One of the worst things that can happen to a fire department is taking an apparatus off line because of a repair issue. FirePrograms Software has developed diagnostic software dubbed Link2 that is designed to prevent such events from happening. The software monitors vital vehicle systems, such as the engine, brake and electrical systems, and records key performance and usage data — information that can give departments ample warning that a problem might be on the horizon.
For example, let’s say that a truck returns to the station from a fire with its fuel and water tanks half empty. If those aren’t replenished, the system would take note of that and then automatically issue an alert. This is particularly useful for volunteer departments whose members are in a hurry to get back to their regular jobs and might forget to perform this important task.
“If the truck isn’t ready the next time they need to go out, that’s a bad thing,” said Gary Ewers, president of FirePrograms Software.
The system also automatically generates a maintenance schedule that is based on a variety of factors, including mileage, engine hours, pump hours, and events such as pump engagement or the number of times that the aerial is taken out of its cradle. In addition, daily inspections can be logged so that alerts are triggered and sent to the appropriate personnel long before a situation becomes a problem. For example, let’s say that an apparatus engine is leaking oil. Usually, that won’t be noticed until oil levels or oil pressure drop, according to Ewers. “But if they spot oil during an inspection, and note that, the software automatically sends alerts to the appropriate people, he said.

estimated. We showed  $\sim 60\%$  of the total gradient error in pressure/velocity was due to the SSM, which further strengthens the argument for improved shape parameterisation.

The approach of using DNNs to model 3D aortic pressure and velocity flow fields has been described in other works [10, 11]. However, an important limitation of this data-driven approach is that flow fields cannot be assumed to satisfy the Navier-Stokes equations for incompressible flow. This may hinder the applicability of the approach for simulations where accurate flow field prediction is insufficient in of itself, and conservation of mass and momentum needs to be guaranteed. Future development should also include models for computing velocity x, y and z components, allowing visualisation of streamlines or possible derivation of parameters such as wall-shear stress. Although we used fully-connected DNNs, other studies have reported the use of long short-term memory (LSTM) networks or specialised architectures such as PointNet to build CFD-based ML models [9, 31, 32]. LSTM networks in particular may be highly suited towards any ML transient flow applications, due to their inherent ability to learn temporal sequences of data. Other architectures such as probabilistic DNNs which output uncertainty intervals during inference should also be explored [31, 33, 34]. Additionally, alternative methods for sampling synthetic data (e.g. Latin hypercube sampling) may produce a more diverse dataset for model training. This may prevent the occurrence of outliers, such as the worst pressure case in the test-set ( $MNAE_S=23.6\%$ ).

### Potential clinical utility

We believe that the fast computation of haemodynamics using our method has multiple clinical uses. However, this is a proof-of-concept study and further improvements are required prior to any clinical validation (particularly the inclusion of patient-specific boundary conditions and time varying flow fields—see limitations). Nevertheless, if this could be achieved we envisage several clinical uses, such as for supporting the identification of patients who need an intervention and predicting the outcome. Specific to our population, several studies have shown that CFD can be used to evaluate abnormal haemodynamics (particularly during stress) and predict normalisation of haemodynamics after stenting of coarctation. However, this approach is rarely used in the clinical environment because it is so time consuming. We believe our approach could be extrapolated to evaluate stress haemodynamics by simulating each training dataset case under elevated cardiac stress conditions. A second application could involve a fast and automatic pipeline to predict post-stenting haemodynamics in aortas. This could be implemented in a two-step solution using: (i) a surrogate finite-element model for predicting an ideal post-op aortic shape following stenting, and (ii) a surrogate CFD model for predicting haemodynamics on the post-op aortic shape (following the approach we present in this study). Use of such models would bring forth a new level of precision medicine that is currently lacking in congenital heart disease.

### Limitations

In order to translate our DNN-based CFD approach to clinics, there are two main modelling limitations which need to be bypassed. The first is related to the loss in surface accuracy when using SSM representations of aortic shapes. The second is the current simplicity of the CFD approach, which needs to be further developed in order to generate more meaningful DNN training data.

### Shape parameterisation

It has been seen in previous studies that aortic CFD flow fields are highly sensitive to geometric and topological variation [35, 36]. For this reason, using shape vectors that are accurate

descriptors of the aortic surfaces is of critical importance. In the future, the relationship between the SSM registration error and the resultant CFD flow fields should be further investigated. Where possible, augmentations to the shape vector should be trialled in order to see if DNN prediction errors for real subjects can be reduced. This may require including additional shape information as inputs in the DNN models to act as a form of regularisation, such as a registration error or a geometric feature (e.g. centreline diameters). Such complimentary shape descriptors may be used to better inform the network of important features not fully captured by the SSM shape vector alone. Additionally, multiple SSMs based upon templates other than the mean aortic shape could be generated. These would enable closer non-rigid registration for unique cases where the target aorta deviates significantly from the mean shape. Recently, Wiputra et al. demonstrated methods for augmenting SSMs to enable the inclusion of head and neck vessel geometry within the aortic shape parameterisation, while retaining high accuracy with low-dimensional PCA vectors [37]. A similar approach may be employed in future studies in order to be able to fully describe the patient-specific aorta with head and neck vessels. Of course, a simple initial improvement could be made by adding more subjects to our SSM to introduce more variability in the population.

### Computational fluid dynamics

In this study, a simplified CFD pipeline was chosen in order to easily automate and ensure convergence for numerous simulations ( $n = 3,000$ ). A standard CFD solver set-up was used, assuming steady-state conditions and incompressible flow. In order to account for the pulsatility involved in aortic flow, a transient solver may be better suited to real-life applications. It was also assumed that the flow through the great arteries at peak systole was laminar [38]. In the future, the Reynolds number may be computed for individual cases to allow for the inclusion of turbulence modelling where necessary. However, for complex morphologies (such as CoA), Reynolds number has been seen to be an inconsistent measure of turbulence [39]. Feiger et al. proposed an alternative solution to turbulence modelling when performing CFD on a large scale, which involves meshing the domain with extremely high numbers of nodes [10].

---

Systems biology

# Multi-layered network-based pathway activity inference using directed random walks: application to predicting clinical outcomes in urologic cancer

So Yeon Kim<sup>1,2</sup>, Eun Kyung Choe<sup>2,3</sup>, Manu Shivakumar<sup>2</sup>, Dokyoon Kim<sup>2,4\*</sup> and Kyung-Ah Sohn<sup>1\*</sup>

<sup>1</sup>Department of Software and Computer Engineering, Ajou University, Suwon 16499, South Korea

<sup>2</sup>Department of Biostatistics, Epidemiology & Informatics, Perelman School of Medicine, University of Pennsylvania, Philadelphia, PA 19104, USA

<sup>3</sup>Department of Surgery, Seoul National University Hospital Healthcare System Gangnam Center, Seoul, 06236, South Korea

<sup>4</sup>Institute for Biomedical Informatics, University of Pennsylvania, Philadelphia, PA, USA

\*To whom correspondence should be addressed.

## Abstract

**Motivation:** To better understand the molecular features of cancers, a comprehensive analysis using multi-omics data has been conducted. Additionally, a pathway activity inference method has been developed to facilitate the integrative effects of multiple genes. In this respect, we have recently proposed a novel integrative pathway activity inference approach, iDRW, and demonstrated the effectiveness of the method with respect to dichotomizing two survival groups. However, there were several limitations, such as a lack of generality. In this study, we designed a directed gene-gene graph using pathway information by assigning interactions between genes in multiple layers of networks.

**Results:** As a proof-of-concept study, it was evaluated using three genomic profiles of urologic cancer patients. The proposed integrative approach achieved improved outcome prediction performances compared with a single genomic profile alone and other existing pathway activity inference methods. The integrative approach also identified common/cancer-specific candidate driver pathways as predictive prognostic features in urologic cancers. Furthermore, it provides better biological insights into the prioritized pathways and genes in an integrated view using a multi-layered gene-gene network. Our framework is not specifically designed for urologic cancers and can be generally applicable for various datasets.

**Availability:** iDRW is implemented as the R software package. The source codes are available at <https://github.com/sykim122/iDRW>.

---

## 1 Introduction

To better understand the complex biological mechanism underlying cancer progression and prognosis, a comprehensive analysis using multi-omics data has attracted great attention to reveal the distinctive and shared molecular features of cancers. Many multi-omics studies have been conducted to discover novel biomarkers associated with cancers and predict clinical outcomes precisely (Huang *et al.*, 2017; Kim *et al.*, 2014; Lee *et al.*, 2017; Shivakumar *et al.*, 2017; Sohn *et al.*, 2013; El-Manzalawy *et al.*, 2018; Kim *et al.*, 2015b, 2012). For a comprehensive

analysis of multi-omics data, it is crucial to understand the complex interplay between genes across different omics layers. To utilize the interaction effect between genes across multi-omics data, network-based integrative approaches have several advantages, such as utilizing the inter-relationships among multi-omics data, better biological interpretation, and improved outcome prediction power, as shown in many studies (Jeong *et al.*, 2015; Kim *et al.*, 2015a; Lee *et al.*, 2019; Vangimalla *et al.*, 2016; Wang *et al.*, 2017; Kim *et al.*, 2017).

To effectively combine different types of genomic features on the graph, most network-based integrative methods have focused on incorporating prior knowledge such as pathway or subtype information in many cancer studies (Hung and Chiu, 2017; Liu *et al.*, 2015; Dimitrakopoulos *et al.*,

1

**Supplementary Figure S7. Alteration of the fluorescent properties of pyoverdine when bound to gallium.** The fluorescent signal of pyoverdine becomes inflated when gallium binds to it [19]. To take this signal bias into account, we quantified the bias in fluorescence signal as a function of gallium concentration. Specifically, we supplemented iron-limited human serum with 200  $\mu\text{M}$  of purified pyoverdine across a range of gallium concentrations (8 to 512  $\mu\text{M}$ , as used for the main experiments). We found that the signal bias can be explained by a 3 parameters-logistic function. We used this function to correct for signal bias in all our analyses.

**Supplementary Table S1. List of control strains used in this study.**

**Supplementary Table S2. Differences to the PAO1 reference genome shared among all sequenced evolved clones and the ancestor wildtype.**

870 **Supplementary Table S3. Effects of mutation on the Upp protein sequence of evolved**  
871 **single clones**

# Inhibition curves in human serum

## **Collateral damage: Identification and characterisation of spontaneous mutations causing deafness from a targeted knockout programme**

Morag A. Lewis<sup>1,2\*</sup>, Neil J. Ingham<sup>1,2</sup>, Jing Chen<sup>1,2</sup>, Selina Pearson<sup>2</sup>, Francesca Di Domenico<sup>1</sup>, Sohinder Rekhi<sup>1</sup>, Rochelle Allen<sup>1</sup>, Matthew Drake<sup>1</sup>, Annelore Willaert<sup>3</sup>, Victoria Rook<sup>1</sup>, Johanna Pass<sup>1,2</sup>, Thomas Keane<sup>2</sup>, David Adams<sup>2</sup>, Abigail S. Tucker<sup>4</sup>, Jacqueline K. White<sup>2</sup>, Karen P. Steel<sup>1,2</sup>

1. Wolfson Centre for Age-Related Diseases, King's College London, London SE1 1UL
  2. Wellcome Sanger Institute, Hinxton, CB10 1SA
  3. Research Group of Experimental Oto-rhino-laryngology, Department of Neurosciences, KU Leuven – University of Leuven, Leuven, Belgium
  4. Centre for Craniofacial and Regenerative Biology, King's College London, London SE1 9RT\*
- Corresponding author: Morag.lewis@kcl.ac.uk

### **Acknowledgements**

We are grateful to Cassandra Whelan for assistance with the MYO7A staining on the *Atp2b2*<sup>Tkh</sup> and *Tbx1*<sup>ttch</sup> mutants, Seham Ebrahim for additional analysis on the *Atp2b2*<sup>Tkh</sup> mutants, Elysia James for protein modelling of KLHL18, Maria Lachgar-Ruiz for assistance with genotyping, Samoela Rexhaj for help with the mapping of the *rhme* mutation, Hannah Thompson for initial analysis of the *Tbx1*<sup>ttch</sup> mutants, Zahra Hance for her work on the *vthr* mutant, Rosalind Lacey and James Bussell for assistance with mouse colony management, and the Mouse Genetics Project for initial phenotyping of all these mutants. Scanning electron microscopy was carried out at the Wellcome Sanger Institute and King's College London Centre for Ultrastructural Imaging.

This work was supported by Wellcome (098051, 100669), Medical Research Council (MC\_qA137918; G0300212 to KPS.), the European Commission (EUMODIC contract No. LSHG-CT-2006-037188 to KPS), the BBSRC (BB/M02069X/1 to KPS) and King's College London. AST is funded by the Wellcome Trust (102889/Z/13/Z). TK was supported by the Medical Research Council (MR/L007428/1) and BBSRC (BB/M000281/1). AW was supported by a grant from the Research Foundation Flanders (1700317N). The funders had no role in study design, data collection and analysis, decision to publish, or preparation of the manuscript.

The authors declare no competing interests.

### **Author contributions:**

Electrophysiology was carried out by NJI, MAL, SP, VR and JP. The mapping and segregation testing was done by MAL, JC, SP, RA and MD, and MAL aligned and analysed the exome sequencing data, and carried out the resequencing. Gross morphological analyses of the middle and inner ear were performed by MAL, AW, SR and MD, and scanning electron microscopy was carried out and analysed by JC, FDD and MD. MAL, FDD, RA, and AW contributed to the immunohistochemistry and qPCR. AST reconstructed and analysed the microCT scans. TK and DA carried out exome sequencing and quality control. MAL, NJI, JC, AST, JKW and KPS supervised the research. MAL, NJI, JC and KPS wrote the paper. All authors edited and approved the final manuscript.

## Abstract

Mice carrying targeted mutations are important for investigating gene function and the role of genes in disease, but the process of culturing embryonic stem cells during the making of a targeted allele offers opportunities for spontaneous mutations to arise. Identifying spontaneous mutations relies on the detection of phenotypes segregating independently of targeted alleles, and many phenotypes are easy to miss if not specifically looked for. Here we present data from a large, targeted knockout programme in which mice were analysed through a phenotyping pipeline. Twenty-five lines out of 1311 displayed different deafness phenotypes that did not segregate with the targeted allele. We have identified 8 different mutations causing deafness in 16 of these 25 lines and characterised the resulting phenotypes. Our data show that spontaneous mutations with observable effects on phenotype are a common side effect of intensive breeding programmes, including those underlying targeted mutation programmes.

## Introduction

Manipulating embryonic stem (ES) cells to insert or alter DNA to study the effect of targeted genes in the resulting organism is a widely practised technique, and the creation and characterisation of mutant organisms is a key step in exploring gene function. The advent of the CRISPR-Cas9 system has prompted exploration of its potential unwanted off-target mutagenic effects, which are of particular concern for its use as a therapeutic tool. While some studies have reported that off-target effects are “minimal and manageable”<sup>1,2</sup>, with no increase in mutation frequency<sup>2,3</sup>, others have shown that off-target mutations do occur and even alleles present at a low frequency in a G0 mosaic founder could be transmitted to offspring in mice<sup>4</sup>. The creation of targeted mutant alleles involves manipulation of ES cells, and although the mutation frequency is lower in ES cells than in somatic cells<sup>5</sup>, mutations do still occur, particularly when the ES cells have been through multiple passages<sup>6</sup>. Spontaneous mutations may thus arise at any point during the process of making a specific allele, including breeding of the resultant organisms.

Without this level of intelligence, departments often don’t know that a problem exists until it’s too late, and even then have no idea what happened until after a flurry of phone calls with the maintenance service provider, the apparatus manufacturer or the component vendor. “For example, a ‘check engine’ light might come on in the middle of the night, but it goes away before anybody sees it,” Ewers said. “Our software would make note of that event and would automatically send an alert.”
The software also maintains a time-stamped log, so if a problem does occur, an emergency vehicle technician can review the activity sequence to determine what triggered the event.
“It could indicate that there’s a need for training,” Ewers said. “Or, the operator could have followed all of the appropriate steps but the problem was caused by something as simple as a switch failure.”
The ability to determine whether human or mechanical failure was the culprit will reduce instances of apparatus being taken out of service unnecessarily, Ewers said.
All of this information can be uploaded to the maintenance service provider, as well as the apparatus dealer and manufacturer, which also saves valuable time. “They don’t have to send somebody out to take a look at the truck. Instead, they get immediate visibility in to what’s going on,” Ewers said, adding that the result is much faster diagnosis of the problem.
The system replaces the vehicle data recorders that currently are required on fire apparatus by NFPA 1901, Ewers said. It is available to both apparatus manufacturers and to fire departments as a retrofit. The cost to departments is about $1,000. It will take an EVT from 4 to 6 hours to install the required hardware on each apparatus, Ewers said. The data generated by the system is aggregated and maintained by FirePrograms Software as a hosted service; departments can expect to pay about $14 per month per truck for the service, Ewers said.